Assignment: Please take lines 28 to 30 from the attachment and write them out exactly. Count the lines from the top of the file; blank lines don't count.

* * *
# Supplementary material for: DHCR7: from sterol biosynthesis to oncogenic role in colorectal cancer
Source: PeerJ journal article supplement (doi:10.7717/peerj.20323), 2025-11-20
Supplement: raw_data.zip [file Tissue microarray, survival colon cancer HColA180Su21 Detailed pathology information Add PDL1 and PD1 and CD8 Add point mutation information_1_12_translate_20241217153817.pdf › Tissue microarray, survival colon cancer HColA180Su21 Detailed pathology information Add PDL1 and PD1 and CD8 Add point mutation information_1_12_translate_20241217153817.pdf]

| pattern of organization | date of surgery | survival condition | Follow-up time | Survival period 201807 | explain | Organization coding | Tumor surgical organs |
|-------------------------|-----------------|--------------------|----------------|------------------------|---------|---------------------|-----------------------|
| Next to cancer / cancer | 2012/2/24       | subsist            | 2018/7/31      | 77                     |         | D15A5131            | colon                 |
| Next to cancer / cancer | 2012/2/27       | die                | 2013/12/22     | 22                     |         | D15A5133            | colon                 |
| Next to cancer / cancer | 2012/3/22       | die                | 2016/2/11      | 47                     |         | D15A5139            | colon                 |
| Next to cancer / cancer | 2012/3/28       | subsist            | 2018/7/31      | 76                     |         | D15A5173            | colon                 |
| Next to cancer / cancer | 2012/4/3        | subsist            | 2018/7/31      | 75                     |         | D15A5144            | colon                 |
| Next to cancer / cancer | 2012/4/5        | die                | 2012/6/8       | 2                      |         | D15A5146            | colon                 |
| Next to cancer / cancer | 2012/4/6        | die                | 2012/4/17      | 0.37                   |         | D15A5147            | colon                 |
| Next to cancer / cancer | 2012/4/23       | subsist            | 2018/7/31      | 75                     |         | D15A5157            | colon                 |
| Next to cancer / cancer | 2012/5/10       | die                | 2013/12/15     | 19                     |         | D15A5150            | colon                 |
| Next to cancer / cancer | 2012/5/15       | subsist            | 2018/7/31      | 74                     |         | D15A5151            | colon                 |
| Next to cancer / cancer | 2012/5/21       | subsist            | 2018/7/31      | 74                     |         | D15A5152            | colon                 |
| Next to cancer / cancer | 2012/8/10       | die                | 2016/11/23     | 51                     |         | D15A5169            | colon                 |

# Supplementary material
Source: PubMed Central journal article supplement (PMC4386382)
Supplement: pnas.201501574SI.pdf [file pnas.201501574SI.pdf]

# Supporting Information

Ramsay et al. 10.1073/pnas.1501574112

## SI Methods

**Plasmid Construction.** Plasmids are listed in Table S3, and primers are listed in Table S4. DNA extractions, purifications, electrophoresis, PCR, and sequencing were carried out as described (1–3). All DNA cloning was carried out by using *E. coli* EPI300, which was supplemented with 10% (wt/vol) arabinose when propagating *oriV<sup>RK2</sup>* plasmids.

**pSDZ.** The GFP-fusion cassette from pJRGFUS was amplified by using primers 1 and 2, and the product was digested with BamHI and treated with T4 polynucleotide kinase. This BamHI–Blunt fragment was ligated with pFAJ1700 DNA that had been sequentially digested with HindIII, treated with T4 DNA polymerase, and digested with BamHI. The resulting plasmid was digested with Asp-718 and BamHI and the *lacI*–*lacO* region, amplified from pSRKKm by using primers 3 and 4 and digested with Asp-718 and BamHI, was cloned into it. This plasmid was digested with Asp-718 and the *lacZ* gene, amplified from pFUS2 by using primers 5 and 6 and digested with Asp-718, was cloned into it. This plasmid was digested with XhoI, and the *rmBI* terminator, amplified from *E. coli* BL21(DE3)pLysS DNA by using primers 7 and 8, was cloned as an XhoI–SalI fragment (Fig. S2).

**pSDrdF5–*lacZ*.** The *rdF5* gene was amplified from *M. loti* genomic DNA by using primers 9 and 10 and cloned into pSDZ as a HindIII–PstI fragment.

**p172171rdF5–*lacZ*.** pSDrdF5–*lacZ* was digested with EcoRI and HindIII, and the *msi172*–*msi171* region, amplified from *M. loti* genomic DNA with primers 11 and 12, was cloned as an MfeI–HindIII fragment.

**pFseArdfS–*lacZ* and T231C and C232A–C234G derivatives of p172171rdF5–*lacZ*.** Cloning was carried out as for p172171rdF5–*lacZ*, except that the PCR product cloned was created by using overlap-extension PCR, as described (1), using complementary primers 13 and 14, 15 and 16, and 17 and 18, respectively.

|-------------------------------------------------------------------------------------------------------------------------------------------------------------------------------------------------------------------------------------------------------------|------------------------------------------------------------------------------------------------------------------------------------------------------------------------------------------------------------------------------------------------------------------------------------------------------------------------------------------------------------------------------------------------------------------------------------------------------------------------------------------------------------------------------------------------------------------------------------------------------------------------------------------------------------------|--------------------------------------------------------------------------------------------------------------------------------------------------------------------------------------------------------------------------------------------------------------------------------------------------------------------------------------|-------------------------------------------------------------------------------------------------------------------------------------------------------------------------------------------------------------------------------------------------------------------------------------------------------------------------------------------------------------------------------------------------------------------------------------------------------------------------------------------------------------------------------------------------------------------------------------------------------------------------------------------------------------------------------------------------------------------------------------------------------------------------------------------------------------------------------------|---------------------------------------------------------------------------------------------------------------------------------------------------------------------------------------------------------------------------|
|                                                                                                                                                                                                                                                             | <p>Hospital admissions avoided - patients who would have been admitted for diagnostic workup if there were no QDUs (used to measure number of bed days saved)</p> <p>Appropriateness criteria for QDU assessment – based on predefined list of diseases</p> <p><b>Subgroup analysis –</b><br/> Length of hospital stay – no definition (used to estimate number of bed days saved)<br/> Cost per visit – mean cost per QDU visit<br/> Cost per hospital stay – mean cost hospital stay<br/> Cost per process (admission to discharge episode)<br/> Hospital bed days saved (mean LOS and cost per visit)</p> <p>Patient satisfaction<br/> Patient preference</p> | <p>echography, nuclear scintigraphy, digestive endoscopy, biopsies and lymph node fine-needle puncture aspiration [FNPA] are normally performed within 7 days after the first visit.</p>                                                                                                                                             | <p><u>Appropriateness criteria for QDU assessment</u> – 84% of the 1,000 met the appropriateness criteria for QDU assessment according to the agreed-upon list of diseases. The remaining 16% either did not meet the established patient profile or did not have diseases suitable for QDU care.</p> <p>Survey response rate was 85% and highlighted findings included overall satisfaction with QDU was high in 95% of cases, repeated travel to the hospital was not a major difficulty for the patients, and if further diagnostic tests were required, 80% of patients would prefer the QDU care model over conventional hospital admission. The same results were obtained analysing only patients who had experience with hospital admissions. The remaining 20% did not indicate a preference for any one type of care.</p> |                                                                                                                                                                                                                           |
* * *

**pFseArdfS–*lacZ* and T231C and C232A–C234G derivatives of p172171rdF5–*lacZ*.** Cloning was carried out as for p172171rdF5–*lacZ*, except that the PCR product cloned was created by using overlap-extension PCR, as described (1), using complementary primers 13 and 14, 15 and 16, and 17 and 18, respectively.

|-------------------------------------------------------------------------------------------------------------------------------------------------------------------------------------------------------------------------------------------------------------|------------------------------------------------------------------------------------------------------------------------------------------------------------------------------------------------------------------------------------------------------------------------------------------------------------------------------------------------------------------------------------------------------------------------------------------------------------------------------------------------------------------------------------------------------------------------------------------------------------------------------------------------------------------|--------------------------------------------------------------------------------------------------------------------------------------------------------------------------------------------------------------------------------------------------------------------------------------------------------------------------------------|-------------------------------------------------------------------------------------------------------------------------------------------------------------------------------------------------------------------------------------------------------------------------------------------------------------------------------------------------------------------------------------------------------------------------------------------------------------------------------------------------------------------------------------------------------------------------------------------------------------------------------------------------------------------------------------------------------------------------------------------------------------------------------------------------------------------------------------|---------------------------------------------------------------------------------------------------------------------------------------------------------------------------------------------------------------------------|
|                                                                                                                                                                                                                                                             | <p>Hospital admissions avoided - patients who would have been admitted for diagnostic workup if there were no QDUs (used to measure number of bed days saved)</p> <p>Appropriateness criteria for QDU assessment – based on predefined list of diseases</p> <p><b>Subgroup analysis –</b><br/> Length of hospital stay – no definition (used to estimate number of bed days saved)<br/> Cost per visit – mean cost per QDU visit<br/> Cost per hospital stay – mean cost hospital stay<br/> Cost per process (admission to discharge episode)<br/> Hospital bed days saved (mean LOS and cost per visit)</p> <p>Patient satisfaction<br/> Patient preference</p> | <p>echography, nuclear scintigraphy, digestive endoscopy, biopsies and lymph node fine-needle puncture aspiration [FNPA] are normally performed within 7 days after the first visit.</p>                                                                                                                                             | <p><u>Appropriateness criteria for QDU assessment</u> – 84% of the 1,000 met the appropriateness criteria for QDU assessment according to the agreed-upon list of diseases. The remaining 16% either did not meet the established patient profile or did not have diseases suitable for QDU care.</p> <p>Survey response rate was 85% and highlighted findings included overall satisfaction with QDU was high in 95% of cases, repeated travel to the hospital was not a major difficulty for the patients, and if further diagnostic tests were required, 80% of patients would prefer the QDU care model over conventional hospital admission. The same results were obtained analysing only patients who had experience with hospital admissions. The remaining 20% did not indicate a preference for any one type of care.</p> |                                                                                                                                                                                                                           |